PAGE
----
Cody checks out a newly released horror/thriller.
For my job at ArrowintheHead.com, I wrote about director Nicholas Bushman's Union Furnace, a film I had a few different reasons for being interested in: the trailer and stills looked good, it was shot in my home state of Ohio, and the lead character has the most perfect name a protagonist can have. Cody.
As played by Mike Dwyer, who co-wrote the screenplay with Bushman, this particular Cody is a small town car thief with a dangerous debt he's desperately trying to pay off. When a man catches Cody in a car he knows was stolen, it kicks off a brief car chase, something I was surprised to see in a low budget indie. The man then offers Cody a chance to make some cash...
18 minutes into the movie (Union Furnace doesn't waste time), Cody finds himself in a small, wood-paneled meeting hall where an audience of people wearing masks watch him and seven other cash-strapped strangers (including the iconic Keith David) compete in a series of seven games over the course of one long night.
While the cash prizes increase with each round, the games also get increasingly dangerous, degrading, and disgusting as they go on. With the completion of each game, one player is taken away. Between rounds, the players are kept in a waiting room with an armed guard stationed at the door, spending the downtime discussing the situation they're in. None of the contestants really know what's going on, where they are, or what happens to the people who get taken away. It seems they'll all find out eventually.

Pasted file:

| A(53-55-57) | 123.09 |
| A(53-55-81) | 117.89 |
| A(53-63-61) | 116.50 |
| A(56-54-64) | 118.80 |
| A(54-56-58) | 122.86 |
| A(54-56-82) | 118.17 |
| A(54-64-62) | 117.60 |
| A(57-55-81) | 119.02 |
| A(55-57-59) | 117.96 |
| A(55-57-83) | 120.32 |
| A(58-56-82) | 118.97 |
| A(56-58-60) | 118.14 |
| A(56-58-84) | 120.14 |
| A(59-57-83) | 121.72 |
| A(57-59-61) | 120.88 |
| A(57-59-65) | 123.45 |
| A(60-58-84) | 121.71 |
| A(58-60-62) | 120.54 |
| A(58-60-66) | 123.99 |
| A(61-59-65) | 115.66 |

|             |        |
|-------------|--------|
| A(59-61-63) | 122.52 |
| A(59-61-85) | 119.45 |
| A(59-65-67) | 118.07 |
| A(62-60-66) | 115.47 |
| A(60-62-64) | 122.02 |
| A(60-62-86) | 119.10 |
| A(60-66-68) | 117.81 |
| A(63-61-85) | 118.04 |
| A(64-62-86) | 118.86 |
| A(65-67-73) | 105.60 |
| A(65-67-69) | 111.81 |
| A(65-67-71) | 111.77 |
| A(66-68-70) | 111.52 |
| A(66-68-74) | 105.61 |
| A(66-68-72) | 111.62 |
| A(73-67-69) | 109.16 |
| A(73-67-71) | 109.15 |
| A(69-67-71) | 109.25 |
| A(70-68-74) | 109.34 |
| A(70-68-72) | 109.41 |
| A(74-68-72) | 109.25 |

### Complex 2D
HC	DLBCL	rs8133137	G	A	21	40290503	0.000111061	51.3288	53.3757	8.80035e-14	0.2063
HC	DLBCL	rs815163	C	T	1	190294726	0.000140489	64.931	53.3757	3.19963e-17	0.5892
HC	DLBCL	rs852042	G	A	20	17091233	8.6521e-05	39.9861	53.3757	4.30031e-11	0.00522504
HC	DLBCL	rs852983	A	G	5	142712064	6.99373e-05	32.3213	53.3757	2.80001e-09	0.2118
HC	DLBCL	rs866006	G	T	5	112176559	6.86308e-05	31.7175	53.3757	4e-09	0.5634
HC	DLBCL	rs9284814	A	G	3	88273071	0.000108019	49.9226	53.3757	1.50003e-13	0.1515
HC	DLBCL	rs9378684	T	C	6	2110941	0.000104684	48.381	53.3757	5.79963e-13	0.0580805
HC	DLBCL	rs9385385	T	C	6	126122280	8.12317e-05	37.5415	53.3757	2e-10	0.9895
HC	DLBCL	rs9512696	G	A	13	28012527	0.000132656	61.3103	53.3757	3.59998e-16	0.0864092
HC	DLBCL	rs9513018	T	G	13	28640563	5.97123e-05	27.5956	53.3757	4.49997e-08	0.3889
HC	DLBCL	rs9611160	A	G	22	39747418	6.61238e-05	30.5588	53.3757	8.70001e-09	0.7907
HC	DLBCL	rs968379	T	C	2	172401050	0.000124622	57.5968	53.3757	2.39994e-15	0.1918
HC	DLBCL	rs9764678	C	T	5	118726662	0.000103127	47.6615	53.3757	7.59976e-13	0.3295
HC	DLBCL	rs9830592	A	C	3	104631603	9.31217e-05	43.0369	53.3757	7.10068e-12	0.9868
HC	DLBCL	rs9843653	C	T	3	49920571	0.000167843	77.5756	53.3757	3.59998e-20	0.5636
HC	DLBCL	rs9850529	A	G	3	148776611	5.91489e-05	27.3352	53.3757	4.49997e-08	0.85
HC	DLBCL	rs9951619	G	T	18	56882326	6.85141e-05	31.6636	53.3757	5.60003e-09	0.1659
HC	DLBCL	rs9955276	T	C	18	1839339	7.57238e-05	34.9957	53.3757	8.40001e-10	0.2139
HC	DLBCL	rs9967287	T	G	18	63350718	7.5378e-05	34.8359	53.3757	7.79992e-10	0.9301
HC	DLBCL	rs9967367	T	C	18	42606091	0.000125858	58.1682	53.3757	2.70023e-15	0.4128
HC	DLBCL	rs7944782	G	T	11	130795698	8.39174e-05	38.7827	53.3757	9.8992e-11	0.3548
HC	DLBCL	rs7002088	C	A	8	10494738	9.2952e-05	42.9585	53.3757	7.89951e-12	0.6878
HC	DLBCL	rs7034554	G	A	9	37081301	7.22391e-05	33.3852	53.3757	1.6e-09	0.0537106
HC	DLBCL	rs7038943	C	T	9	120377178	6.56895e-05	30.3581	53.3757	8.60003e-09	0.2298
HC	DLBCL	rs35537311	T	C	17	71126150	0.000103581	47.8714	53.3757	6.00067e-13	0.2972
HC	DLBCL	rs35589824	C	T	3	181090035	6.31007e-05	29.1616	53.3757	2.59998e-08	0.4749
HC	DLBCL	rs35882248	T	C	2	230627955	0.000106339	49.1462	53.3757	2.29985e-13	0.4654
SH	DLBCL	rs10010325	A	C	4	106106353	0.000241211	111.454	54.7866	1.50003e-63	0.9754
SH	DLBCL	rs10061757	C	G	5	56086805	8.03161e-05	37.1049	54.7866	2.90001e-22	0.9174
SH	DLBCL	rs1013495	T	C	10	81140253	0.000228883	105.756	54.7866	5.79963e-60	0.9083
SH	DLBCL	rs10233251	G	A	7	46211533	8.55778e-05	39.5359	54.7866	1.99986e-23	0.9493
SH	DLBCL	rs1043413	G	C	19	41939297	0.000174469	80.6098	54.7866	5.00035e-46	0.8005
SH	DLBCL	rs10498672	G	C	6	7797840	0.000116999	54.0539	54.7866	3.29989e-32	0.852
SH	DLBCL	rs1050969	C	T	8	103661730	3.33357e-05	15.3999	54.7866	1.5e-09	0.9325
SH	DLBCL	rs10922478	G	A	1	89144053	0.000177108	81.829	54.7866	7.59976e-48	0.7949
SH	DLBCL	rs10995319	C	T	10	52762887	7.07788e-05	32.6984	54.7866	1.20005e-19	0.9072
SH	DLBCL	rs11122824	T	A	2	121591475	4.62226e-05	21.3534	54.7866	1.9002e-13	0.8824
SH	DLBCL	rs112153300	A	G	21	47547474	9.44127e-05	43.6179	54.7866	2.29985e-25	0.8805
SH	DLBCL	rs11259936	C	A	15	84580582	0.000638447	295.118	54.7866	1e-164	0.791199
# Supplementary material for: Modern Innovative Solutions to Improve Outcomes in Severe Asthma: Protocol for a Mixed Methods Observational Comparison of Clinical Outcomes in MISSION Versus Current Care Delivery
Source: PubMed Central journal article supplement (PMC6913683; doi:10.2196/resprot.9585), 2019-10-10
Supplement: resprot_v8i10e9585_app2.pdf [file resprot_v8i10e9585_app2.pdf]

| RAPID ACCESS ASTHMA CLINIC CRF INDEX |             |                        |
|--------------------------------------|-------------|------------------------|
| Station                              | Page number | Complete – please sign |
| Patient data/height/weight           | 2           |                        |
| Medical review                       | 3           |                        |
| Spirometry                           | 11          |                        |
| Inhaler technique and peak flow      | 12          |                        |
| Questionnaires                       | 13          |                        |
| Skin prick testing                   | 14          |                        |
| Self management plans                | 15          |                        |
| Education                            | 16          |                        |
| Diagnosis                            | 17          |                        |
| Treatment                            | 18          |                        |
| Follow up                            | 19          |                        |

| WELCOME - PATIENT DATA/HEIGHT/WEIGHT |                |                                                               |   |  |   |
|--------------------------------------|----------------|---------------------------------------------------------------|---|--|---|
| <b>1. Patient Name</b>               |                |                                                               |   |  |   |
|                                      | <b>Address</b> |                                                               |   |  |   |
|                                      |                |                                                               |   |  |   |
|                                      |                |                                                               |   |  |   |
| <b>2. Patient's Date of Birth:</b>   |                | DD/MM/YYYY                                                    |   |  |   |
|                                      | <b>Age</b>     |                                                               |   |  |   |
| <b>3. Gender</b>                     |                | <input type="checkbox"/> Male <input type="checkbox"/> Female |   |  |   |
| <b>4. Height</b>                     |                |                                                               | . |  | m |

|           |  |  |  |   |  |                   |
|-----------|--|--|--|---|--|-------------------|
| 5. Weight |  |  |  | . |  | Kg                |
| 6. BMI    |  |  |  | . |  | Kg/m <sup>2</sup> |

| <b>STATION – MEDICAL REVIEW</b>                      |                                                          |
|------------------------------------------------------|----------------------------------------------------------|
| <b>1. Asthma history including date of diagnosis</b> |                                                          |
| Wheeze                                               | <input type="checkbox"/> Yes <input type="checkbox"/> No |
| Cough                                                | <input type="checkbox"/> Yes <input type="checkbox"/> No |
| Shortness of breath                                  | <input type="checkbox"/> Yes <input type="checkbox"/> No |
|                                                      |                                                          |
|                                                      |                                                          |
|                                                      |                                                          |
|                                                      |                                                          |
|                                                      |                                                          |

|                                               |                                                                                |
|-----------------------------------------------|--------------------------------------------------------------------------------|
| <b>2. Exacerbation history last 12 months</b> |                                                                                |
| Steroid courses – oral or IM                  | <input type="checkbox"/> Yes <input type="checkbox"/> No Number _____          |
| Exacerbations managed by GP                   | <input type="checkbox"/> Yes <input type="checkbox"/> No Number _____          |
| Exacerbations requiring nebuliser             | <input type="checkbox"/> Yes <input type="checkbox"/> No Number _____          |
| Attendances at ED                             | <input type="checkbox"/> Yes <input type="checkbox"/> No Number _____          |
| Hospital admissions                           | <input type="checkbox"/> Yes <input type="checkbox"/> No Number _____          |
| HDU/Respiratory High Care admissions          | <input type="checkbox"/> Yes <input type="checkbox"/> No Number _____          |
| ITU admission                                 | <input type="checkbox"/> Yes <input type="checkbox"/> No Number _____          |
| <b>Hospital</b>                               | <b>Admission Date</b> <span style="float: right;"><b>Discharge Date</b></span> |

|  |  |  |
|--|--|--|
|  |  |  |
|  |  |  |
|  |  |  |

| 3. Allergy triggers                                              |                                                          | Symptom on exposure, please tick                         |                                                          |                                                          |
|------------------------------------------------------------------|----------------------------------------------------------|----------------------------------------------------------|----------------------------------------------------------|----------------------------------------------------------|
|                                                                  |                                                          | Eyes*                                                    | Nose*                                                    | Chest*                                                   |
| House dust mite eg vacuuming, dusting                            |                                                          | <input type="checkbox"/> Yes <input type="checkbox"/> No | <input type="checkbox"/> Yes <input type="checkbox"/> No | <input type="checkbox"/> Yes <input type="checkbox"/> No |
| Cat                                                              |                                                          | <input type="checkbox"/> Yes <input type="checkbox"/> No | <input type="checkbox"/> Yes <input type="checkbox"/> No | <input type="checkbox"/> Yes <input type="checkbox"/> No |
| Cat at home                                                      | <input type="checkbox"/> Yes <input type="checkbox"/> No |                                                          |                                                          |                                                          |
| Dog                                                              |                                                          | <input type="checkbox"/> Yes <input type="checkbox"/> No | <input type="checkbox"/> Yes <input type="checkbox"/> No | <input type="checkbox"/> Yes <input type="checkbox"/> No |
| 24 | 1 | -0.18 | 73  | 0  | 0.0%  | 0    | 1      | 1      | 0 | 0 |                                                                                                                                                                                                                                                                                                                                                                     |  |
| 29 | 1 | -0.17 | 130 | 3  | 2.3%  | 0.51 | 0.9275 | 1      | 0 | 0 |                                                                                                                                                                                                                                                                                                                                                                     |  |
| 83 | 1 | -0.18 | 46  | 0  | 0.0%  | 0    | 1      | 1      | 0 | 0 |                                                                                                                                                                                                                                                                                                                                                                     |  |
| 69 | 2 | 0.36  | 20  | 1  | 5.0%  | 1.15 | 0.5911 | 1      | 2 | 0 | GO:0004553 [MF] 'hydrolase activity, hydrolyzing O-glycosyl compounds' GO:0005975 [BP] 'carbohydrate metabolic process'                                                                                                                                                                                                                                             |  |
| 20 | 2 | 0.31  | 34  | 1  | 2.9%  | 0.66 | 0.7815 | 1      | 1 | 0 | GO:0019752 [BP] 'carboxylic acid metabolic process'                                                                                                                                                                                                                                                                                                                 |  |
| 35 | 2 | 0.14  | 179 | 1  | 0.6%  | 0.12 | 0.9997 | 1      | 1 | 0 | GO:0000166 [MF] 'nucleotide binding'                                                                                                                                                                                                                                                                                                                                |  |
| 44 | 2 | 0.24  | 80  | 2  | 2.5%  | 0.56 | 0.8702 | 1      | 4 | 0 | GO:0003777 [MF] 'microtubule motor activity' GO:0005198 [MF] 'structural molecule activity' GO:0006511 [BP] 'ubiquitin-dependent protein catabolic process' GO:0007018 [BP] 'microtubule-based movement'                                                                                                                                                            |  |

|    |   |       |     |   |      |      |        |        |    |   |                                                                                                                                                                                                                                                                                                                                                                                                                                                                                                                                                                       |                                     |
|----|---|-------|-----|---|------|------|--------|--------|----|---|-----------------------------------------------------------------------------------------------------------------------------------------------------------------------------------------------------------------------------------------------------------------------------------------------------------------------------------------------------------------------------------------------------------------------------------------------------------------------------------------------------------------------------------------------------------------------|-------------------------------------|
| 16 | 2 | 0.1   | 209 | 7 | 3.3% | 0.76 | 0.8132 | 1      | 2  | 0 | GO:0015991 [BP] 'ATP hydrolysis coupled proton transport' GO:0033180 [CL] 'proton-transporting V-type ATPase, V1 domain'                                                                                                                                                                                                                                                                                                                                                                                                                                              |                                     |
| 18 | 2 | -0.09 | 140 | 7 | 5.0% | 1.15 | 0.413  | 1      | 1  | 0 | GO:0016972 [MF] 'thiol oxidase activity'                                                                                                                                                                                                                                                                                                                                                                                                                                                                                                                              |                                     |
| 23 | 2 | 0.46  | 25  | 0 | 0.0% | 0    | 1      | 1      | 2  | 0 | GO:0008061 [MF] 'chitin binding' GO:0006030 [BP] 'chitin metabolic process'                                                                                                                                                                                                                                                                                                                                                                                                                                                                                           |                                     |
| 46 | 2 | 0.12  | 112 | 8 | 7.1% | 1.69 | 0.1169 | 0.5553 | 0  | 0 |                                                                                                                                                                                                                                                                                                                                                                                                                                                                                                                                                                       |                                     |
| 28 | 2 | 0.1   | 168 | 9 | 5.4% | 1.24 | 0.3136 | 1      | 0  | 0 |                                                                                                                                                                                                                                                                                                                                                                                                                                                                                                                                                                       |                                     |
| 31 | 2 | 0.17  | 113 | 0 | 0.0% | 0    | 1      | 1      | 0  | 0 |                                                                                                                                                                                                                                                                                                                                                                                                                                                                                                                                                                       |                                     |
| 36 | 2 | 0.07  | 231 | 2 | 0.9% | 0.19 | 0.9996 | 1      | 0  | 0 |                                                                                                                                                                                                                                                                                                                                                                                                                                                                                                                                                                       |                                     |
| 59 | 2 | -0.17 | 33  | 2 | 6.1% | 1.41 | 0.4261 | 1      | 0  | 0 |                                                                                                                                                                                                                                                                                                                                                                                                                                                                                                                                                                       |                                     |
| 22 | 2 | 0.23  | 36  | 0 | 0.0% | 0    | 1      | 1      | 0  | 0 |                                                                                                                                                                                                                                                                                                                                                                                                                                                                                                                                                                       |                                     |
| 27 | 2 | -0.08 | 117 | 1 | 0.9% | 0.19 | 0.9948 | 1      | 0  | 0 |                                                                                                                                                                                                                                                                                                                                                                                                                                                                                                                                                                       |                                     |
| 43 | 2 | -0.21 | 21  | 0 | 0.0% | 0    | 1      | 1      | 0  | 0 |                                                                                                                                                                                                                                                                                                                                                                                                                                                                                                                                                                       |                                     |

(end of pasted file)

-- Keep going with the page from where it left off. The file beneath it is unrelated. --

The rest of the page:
After the release of Saw in 2004, the horror and thriller genres were flooded with a stream of movies about strangers forced to play deadly games. I got tired of that concept pretty quickly, but occasionally still come across a gem with such a set-up. Union Furnace is definitely one of the better ones I've seen, and not just because it was made in Ohio and has a character named Cody.
The script by Bushman and Dwyer was solid and well-written, and Bushman brought it to the screen with style and an unnerving, uniquely quirky tone. The film looks great all around, from the imagery captured by Bushman and cinematographer Roy Rossovich to the way it was cut together by Megan McKee. That imagery is accompanied by a terrific score by Frank LoCrasto.
Dwyer and his fellow cast members did strong work bringing the characters to life as well. You can always count on Keith David to be awesome, but the movie also features impressive performances from actors I was seeing here for the first time ever, like Dwyer himself and Seth Hammond, who plays "Lion", the host of the event. I hope to see them in more movies in the future.
Compelling and troubling, Union Furnace is well worth checking out, and you can do so right now on Vimeo On Demand.